Googled Questions

One of the things I have to say I love about WordPress (the host for this blog, if you missed that in the URL) is that they give you a stats page about your blog. It might be a little more addicting than it should be (I really want someone from Russia to read this blog one of these days to get that country filled in on the “where your readers are” map) but it’s very handy when it comes to seeing how you’re reaching your readers, and what posts are the most popular.

What can be interesting about the stat page, though, is that it will sometimes show you search terms that brought people to your page. For example, if someone searched “Jessica Dall” and then clicked over here from Bing or Google or another search engine, it might show “Jessica Dall” as a search term on my stats page. Of course the page isn’t going to let me know who’s doing the searching (or even what country they’re in) since I’m sure that’s some sort of privacy violation, but it is interesting to see what people are trying to find out when they make it to this blog.

So, for anyone who’s Googled something and haven’t found the answer they wanted here, I’ll do my best at answering some of those questions. (Questions edited for spelling mistakes/coherency)

Q. Is 300,000 words a long book?
A. Yes, it is, but hardly the longest out there.
– Likely article(s) they were interested in: Why it’s harder to get longer books published , or tips on cutting down word count.

Q. When writing in third person, can you say what several characters are feeling?
A. It depends. There are two different ways of writing third person: Third Person Limited and Third Person Omniscient. In the first (currently more popular) narrative, you are telling a story through the point of view (POV) of a character, just describing them as he/she/it rather than I. In third Person Limited you should stay in the head of your POV character (thus you can only say what they feel/what they observe. If they don’t know Character B is upset because she had a little sister POV Character’s age, the narrative can’t explain that while still in POV Character’s head). In Third Person Omniscient, the story is being told by an all-knowing narrator. It is generally uncommon to find true Third Person Omniscient stories at the moment (the style seems to have been most popular in the 19th century) but if the story is being told by a narrator who knows everything it is possible for that narrator to say how all the characters a feeling (just make sure you aren’t writing in Third Person Limited and then decided you’re going to call it Third Person Omniscient randomly just so you can jump back and forth with how characters are feeling).
Likely article(s) they were interested in: Head Jumping

Q. Should you use contractions in query letter?
A. Sure. I’m not sure there is a set protocol for it (I never knew one when I worked in submissions) but I don’t believe there’s any reason to sound overly formal in a query letter and (at least to me) you sound more natural as a writer if you use contractions, which is a good thing in my humble opinion.
– Likely article(s) they were interested in: I don’t think there’s one directly related, but I do touch on why you should use contractions in creative writing here.

Q. How much narration do I need in a novel?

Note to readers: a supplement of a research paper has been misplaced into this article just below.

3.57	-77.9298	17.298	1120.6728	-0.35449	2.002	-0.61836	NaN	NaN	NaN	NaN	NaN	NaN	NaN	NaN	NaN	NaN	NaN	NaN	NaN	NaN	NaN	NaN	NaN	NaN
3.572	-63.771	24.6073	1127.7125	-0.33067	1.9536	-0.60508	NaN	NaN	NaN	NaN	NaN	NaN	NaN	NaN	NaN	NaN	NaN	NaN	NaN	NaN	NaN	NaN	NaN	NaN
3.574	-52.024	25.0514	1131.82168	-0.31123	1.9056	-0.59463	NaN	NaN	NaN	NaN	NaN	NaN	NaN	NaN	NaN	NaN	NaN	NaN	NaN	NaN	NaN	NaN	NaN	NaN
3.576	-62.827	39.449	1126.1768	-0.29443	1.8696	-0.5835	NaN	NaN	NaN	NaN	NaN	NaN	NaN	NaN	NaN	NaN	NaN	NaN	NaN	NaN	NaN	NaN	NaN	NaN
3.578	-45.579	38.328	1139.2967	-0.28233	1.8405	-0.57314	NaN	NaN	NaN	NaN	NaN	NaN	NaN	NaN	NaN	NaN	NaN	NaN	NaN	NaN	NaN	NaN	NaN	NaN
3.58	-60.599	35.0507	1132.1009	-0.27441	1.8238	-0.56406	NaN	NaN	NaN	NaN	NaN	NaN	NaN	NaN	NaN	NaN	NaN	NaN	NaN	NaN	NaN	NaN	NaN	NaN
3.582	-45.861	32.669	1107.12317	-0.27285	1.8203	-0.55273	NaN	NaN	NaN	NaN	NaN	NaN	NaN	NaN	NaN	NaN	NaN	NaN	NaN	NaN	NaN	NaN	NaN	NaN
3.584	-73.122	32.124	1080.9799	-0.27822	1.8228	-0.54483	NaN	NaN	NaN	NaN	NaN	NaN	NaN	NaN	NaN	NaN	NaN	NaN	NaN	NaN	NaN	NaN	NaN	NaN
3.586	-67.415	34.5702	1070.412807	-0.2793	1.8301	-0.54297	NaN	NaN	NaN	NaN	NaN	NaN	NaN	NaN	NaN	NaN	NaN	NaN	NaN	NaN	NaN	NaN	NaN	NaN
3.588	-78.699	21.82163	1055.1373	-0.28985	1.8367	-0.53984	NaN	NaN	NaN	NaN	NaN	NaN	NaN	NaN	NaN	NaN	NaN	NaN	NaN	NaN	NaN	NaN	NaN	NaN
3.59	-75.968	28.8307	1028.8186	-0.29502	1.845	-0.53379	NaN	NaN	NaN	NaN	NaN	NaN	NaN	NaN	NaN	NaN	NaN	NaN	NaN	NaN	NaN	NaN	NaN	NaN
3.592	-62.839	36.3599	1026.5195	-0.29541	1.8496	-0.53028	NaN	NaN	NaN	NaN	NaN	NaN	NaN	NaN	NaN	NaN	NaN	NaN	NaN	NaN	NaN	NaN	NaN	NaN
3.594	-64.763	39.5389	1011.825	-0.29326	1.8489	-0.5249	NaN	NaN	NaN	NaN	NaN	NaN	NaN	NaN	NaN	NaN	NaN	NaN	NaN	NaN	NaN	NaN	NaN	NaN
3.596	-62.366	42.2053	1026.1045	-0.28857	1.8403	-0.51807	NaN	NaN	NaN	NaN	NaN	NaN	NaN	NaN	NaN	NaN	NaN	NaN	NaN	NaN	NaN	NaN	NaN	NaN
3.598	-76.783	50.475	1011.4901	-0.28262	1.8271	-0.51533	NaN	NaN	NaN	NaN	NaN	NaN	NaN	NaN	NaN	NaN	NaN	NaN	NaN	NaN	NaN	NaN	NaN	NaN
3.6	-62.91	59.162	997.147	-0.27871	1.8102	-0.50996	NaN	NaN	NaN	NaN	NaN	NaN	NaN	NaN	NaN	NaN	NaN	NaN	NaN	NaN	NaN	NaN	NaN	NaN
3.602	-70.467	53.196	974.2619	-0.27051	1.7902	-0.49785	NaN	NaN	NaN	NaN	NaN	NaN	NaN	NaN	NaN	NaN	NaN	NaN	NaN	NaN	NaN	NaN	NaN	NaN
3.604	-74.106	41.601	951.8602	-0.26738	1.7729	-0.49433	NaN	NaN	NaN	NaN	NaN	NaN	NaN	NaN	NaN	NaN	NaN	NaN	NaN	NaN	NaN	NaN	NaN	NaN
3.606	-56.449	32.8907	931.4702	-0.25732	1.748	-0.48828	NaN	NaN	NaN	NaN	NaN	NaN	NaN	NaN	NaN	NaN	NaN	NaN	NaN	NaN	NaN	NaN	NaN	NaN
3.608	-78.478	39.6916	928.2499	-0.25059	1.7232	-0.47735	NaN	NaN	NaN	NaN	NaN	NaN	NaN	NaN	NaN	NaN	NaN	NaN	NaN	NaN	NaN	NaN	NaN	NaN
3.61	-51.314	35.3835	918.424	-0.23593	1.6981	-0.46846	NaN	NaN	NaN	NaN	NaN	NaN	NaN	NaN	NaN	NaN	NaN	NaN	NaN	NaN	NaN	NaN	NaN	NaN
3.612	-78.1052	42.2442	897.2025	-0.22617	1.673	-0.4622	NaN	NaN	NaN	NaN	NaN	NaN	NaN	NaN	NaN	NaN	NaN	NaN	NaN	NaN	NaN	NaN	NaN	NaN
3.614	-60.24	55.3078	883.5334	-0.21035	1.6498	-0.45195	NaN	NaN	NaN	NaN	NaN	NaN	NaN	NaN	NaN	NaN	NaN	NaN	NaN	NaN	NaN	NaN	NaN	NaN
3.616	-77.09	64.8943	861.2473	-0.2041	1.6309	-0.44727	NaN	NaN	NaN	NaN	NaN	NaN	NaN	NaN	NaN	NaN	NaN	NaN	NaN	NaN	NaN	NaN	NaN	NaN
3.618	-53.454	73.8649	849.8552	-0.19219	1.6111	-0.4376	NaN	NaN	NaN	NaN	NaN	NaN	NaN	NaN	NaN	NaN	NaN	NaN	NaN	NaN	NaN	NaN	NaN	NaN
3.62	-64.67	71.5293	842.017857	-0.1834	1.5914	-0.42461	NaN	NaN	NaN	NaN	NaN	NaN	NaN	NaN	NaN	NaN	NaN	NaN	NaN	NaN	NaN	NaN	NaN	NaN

A. Depends on your novel. There are reasons to use narration some places and dialogue others. It’s about weighing the pros and cons to each. The big thing is not to worry too much about having a perfect ratio of narration to dialogue in your novel, it’s to make sure you’re telling the story the best way it can be told.
– Likely article(s) they were interested in: Pros and Cons to dialogue and narrative in Too Much Dialogue

Q. What’s the poison thing vampires have?
A. I don’t know, Googler, I don’t know… Apparently rather than turning someone into a vampire by feeding them your vampire blood (a la Anne Rice) in some books it’s “vampire poison” ( though I suppose it would be “vampire venom” if you’re going to be technical on the poison vs. venom thing) that turns a human into a vampire (the bite infects them or what not and if they don’t die the poison/venom changes them into vampires). Of course, it’s fantasy, so your guess is as good as mine.
– Likely article(s) they were interested in: One of the many where I talk about writing problems where Twilight just happens to pop up…

Q. Is it ok to use song lyrics for writing prompts?
A. Absolutely. I’ve used a couple of different songs as the original inspiration for characters, plots, or even entire stories that have now been published. What you don’t want to do, however, is quote the song lyrics in your story (you can get into a whole host of problems with copyright infringement then).
– Likely article(s) they were interested in: Writing Prompts

Q. What’s the shortest word count a publisher will accept?
A. It depends on the publisher (look at their submission guidelines as to what they accept before sending a query). It also will depend on if the publisher only publishes novels (generally considered to be over 50,000 words, but many publishers put novels in the 70,000+ words range) or if they also publish novellas and short stories. Of course, word counts are generally guidelines. One novel I have coming out this summer is around 51,000 words and the publisher generally doesn’t publish things that short, they just liked mine and made an exception. If nothing else, and you have an awkward word count, try searching for a publisher on a site like Duotrope which will let you search based one word counts accepted rather than just “novel/novella/short story”
– Likely article(s) they were interested in: Word Limits

Q. Why do people say “dahlin'”?
A. Regional accents (in this case Southern US more than likely). If I remember my history of language class, that exact morphing of “darling” come from the fact that a US “Southern” accent is actually closer to an old English accent than many other US accents (supposedly Shakespeare would have sounded sort of Southern to us?) and thus it shares the same ‘h’ sounding ‘r’ as a British accent today (“dahling”). As to spelling it like that in a novel, “dahlin'” might be one you can get away with for phonetic spelling of accents (people generally will know what the word is without struggling) but as always, I’d be wary of trying to go overboard with “fonetik” spellings.